Anyone who has ever travelled internationally knows the typical procedure when entering a country: have your passport ready, and be prepared to answer a few simple questions. That whole modus operandi may soon come with a new twist, however. Your first encounter in a new country could be with a robot, says San Diego State University.
Canadian Border Services are currently testing a new system called the Automated Virtual Agent for Truth Assessments in Real Time (AVATAR), which is essentially an artificial intelligence system that's capable of detecting lies.
"AVATAR is a kiosk, much like an airport check-in or grocery store self-checkout kiosk," said San Diego State University professor Aaron Elkins, who developed the project. "However, this kiosk has a face on the screen that asks questions of travelers and can detect changes in physiology and behavior during the interview. The system can detect changes in the eyes, voice, gestures and posture to determine potential risk. It can even tell when you're curling your toes."
A way to protect against human bias?
That might sound a bit creepy, like something out of a futuristic dystopian fiction, but developers hope that the system can eventually eliminate human error — and, perhaps more importantly, human bias — when it comes to border security. AVATAR doesn't make the ultimate decision about whether a particular traveler can enter the country, but it does provide a filter that can later be evaluated by a human agent if someone is acting suspiciously.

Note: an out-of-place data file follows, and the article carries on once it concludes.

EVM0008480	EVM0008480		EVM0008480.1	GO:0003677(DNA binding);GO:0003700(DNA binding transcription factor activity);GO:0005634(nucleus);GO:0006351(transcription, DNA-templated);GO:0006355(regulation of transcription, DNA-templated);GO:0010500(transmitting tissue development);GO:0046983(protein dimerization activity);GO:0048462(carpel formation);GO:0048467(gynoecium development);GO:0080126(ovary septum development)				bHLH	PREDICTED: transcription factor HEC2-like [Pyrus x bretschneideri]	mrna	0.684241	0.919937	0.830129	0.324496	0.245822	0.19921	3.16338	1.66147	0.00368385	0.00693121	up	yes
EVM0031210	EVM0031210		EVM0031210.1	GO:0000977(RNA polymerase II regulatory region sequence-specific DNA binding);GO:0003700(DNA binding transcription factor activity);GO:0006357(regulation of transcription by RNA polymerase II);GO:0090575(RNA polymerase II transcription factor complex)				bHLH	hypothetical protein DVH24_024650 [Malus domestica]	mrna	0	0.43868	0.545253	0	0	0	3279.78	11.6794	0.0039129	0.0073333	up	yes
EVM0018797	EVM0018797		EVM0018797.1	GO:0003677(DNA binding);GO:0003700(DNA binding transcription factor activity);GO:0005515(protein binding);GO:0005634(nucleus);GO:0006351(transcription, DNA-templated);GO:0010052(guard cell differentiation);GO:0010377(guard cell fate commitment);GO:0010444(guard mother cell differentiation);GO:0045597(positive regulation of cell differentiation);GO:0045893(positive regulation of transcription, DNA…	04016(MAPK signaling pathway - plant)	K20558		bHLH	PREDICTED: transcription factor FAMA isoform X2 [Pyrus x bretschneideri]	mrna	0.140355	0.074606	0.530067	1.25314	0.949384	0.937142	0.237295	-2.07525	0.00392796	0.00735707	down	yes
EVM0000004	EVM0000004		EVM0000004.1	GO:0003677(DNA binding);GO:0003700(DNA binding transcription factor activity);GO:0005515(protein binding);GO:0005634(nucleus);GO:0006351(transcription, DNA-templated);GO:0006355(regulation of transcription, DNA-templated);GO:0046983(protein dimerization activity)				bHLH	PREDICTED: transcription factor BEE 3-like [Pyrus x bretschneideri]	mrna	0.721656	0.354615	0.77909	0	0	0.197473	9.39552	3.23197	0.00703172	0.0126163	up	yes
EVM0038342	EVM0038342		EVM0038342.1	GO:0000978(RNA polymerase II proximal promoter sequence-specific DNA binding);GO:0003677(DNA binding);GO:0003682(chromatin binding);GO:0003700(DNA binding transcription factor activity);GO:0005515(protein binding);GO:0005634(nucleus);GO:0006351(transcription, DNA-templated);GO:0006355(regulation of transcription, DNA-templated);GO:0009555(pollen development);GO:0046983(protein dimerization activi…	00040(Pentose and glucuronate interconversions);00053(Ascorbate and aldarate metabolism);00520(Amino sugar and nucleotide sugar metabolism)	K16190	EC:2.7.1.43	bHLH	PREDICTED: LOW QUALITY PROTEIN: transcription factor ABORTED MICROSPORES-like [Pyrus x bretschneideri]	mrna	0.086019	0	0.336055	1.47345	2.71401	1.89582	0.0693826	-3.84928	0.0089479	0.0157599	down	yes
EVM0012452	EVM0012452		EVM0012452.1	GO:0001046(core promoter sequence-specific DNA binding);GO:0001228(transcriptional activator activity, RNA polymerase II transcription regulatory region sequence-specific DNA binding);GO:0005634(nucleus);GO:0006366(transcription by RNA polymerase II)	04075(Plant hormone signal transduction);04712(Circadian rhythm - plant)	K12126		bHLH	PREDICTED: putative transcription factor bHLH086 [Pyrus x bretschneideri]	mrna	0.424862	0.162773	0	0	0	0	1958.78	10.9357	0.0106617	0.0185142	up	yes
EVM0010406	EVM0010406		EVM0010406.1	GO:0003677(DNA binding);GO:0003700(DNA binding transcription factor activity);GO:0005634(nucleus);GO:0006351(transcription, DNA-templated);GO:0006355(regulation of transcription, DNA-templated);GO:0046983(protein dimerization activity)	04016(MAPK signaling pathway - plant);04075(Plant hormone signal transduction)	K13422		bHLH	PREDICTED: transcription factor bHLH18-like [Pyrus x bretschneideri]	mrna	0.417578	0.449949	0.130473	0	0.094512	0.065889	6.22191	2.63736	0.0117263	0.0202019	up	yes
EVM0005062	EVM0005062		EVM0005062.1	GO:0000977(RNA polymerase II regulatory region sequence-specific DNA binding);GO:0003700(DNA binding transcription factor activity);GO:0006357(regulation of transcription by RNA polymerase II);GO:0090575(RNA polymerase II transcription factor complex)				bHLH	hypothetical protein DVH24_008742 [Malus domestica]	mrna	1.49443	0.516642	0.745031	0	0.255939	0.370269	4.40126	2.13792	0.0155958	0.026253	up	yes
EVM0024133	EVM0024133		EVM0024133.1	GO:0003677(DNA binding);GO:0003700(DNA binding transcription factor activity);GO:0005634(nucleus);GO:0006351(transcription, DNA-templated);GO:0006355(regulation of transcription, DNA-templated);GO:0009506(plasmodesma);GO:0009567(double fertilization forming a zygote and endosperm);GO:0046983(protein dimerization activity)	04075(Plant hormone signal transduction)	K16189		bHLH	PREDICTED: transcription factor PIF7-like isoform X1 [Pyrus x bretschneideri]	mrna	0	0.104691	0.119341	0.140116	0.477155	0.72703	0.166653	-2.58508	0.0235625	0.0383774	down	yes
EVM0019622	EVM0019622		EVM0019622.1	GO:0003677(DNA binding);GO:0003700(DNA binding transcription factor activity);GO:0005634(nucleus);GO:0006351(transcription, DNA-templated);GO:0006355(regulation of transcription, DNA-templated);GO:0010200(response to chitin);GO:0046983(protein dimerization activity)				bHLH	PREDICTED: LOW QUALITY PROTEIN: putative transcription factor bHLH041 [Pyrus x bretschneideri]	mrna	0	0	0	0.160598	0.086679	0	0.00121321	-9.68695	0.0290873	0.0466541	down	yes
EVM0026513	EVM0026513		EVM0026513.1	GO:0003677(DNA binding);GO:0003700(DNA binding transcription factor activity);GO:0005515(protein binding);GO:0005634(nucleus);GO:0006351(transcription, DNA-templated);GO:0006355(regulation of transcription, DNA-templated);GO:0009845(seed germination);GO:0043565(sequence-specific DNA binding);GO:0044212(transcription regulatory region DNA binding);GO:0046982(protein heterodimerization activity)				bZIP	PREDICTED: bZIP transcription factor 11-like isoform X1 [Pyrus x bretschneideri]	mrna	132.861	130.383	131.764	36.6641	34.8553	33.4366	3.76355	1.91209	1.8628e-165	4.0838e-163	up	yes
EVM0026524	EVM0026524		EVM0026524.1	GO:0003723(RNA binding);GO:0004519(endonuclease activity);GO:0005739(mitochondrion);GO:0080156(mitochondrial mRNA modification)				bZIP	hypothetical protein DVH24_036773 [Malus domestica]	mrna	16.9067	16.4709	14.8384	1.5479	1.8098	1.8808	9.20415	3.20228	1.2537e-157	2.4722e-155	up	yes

Of course, a system such as this isn't likely to stop at border security; AVATAR kiosks could serve myriad purposes.
"We've come to realize that this can be used not just for border security, but also for law enforcement, job interviews and other human resources applications as well," explained Elkins. "We continue to make improvements, such as analyzing the collected data using Big Data analysis techniques that make AVATAR a potentially valuable tool across many industries."
Using automated systems such as AVATAR for border security does raise some questions. What about privacy? Or foreign hacking? (Of course, human bias and error are good things to eliminate, but you can't hack a human.) But Elkins says the system has been rigorously tested in different environments, including laboratory settings, airports and border crossing stations from the U.S. into Canada.
The good news, at least in regards to AVATAR, is that the system is designed to be courteous. AVATAR bots are polite, responsive and bilingual. If you're not doing anything wrong, perhaps encountering a friendly robot at the border will be less stressful than a surly human agent.